Blogging Insights NF # 55 — Headlines


“On the average five times as many people read the headline as read the body copy. When you have written your headline you have spent eighty cents out of your dollar.” — David Ogilvy


With so much content vying for attention on the Internet at any given second it is hard to choose what to click on. How do you decide what merits your attention?

There are many posts on various Internet platforms that tell you how to write an effective headline. Like most novice bloggers, I’ve gone through my fair share of these. These are a few points that I have managed to retain.

A good headline should be :

1. Attention grabbing — it should produce enough emotion for your reader to click on your post. It may provoke humour , fear , curiosity, alarm; anything that ‘hooks’ your reader.

2. Informative- it should tell you what the post is about. You don’t havet he time to check and see if an article is useful or not. Hence you are more likely to click on a post that is ‘clearly labelled’.

3. Engaging — it should keep your reader invested and interested in your content.

There are many more features of a good headline.

I will be looking forward to learning them from you.

18 thoughts on “Blogging Insights NF # 55 — Headlines

  1. I always try to have ‘an angle’ for my post title to attract interest. A lot of course depends on what the post is about. There is a play on words, or a deliberate misspelling of a familiar word or using one that is a homonym of the correct one. Some headlines are obvious as to the article content, and others keep you guessing until the end. Again, it depends on what the post is about and the audience for whom it is intended.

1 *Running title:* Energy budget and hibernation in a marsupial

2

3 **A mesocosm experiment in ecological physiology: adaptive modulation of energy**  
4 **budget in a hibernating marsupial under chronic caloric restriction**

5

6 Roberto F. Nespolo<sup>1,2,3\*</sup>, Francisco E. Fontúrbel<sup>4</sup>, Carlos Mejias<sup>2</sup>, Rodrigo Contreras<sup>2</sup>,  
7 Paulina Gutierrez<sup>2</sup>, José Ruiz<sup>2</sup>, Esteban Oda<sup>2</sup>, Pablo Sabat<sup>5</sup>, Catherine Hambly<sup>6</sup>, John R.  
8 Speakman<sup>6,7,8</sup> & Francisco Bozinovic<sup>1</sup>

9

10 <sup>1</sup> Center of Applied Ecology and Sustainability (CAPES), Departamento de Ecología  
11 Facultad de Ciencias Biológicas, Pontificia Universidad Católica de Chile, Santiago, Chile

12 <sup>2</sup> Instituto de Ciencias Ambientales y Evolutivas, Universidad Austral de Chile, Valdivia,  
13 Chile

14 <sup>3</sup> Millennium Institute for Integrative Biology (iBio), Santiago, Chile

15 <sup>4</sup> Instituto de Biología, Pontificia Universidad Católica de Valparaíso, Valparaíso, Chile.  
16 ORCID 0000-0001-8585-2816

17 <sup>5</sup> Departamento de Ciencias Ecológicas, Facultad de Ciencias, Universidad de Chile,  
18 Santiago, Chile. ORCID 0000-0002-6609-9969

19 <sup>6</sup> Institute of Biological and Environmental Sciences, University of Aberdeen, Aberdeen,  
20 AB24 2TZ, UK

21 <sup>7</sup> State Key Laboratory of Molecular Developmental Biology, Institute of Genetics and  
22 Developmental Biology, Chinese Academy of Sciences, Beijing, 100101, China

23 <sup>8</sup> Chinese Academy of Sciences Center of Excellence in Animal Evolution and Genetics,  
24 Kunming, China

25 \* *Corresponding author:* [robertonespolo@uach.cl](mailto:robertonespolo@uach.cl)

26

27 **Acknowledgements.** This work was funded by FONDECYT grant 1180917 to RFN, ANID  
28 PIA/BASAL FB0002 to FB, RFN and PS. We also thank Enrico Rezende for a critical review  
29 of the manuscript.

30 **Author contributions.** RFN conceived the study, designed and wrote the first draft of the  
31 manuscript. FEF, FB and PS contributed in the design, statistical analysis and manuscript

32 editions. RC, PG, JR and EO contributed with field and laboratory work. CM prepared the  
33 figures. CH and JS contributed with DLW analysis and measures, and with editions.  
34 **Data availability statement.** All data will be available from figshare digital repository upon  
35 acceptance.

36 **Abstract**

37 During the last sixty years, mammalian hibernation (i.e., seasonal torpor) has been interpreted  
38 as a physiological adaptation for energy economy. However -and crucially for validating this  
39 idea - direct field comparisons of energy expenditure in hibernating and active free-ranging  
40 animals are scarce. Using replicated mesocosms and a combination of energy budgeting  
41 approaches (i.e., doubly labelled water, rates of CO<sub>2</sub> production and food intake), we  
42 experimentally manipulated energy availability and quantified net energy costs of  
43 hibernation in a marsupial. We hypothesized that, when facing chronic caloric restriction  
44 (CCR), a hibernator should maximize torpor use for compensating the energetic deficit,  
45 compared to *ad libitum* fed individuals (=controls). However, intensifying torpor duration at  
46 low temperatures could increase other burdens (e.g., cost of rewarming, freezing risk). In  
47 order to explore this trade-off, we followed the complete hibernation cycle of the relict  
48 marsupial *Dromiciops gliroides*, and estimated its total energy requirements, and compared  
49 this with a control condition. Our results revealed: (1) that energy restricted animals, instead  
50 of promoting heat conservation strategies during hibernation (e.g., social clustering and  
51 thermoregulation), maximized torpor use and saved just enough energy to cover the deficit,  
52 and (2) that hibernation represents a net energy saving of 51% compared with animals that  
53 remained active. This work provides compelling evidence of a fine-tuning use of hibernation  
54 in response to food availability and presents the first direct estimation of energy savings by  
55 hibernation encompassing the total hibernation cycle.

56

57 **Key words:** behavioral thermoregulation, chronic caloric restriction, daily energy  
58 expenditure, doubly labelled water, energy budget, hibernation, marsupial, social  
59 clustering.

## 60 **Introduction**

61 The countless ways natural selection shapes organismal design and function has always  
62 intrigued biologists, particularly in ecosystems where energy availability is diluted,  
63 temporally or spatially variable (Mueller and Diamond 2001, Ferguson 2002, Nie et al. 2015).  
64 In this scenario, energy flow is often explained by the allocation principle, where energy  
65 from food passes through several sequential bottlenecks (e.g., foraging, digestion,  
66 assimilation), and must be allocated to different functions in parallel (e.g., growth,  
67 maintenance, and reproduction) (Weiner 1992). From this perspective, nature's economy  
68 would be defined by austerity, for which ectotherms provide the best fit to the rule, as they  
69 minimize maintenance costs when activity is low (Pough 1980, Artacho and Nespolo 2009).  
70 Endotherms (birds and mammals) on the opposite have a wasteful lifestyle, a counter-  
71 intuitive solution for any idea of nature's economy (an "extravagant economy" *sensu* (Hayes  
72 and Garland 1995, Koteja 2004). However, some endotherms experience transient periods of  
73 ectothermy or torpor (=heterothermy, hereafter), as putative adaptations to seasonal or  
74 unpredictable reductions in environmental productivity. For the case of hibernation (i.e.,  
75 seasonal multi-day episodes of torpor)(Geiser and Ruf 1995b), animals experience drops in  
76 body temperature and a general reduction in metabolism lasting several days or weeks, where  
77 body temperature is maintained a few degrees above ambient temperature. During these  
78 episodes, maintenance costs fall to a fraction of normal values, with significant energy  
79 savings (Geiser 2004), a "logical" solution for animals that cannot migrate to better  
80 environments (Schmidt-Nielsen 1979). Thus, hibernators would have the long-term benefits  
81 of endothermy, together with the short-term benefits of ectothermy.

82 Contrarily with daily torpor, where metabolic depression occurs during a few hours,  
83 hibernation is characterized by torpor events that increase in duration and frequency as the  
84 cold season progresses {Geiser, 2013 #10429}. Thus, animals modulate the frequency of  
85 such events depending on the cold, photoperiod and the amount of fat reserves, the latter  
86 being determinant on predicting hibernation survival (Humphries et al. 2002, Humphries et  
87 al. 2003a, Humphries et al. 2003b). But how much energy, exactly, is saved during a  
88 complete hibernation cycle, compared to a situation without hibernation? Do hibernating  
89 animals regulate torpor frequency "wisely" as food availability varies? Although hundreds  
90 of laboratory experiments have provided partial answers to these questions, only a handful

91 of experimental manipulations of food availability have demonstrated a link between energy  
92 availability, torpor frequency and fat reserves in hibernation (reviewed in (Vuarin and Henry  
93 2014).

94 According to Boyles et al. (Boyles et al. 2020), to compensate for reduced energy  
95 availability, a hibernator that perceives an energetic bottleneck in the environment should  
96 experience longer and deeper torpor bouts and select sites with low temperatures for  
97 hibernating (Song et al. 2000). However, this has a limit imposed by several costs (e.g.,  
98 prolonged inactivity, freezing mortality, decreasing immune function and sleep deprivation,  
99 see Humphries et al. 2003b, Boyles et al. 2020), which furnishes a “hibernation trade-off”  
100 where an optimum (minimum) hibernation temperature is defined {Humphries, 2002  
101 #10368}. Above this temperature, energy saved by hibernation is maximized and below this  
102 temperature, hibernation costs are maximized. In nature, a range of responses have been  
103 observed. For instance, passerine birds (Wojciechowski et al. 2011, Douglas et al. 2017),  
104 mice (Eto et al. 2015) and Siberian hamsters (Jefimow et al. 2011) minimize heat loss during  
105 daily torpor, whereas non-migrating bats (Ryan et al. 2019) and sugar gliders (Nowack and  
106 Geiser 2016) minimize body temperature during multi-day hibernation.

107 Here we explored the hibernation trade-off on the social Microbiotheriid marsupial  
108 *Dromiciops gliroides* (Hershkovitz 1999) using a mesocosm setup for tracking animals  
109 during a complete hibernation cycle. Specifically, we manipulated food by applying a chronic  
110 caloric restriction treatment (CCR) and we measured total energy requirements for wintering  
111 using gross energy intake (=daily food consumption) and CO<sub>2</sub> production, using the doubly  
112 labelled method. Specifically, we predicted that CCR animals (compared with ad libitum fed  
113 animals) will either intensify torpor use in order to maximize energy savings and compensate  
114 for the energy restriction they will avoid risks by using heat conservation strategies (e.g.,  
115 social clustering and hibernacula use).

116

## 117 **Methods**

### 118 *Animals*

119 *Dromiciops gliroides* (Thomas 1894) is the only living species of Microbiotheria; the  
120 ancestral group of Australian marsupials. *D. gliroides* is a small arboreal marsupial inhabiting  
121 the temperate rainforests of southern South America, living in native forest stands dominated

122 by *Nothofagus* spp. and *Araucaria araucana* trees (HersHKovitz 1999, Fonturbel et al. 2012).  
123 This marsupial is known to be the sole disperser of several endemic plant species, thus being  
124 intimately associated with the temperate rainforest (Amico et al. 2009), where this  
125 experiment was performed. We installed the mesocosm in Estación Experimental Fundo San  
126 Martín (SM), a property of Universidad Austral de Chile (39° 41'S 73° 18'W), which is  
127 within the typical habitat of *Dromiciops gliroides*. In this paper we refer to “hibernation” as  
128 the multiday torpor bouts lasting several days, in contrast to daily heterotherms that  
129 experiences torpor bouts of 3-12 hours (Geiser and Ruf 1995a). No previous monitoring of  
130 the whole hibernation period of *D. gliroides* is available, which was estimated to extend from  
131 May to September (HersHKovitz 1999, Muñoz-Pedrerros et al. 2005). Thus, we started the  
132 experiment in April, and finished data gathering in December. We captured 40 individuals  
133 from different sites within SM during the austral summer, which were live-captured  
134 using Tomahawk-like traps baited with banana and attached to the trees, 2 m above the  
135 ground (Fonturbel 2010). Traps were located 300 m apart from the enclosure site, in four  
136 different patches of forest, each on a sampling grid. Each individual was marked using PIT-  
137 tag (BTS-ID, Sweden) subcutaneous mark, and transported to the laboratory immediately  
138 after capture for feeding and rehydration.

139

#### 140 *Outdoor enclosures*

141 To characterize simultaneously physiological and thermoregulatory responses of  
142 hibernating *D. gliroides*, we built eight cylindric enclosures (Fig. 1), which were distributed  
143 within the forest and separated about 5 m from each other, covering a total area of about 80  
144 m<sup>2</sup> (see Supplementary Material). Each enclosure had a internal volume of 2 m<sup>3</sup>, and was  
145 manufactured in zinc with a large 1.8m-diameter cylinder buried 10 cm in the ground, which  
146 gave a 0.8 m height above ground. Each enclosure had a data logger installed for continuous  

Liked by 1 person

  2. It’s impossible to overestimate the importance of a great headline. No matter how experienced a reader you may be, the headline catches you and makes you stop. “The New Yorker” always had fantastic headlines, often better than the stories. “National Geographic” has great headlines — maybe even better than”The New Yorker.” I find myself stopping to read articles even when I’m in the middle of doing something else because the headline snags me.

    As for writing them? If I wrote them that well, I’d have stayed in advertising and made a lot more money!

    Liked by 1 person

      1. I don’t even notice whether or no a book HAS a cover. Headlines are not like a book cover. Headlines are part of the story — the first part. You only get headlines on posts and articles. Books don’t have them — maybe advertisements do, but the books don’t.

        I think we need to regard headlines as the “introduction” to a post or article. Because it is. Very often a headline contains the one critical thing about the article or post — the SINGLE thing the author wants us to notice.

        I wish I were a better headline writer. I’ve never been great at it. I recognize them when I see them, but I think body copy, not headline. I really should think the other way, but I never have. It’s probably why I worked in a writing position that didn’t use headlines. Headlines were not then or now, my strong suit.



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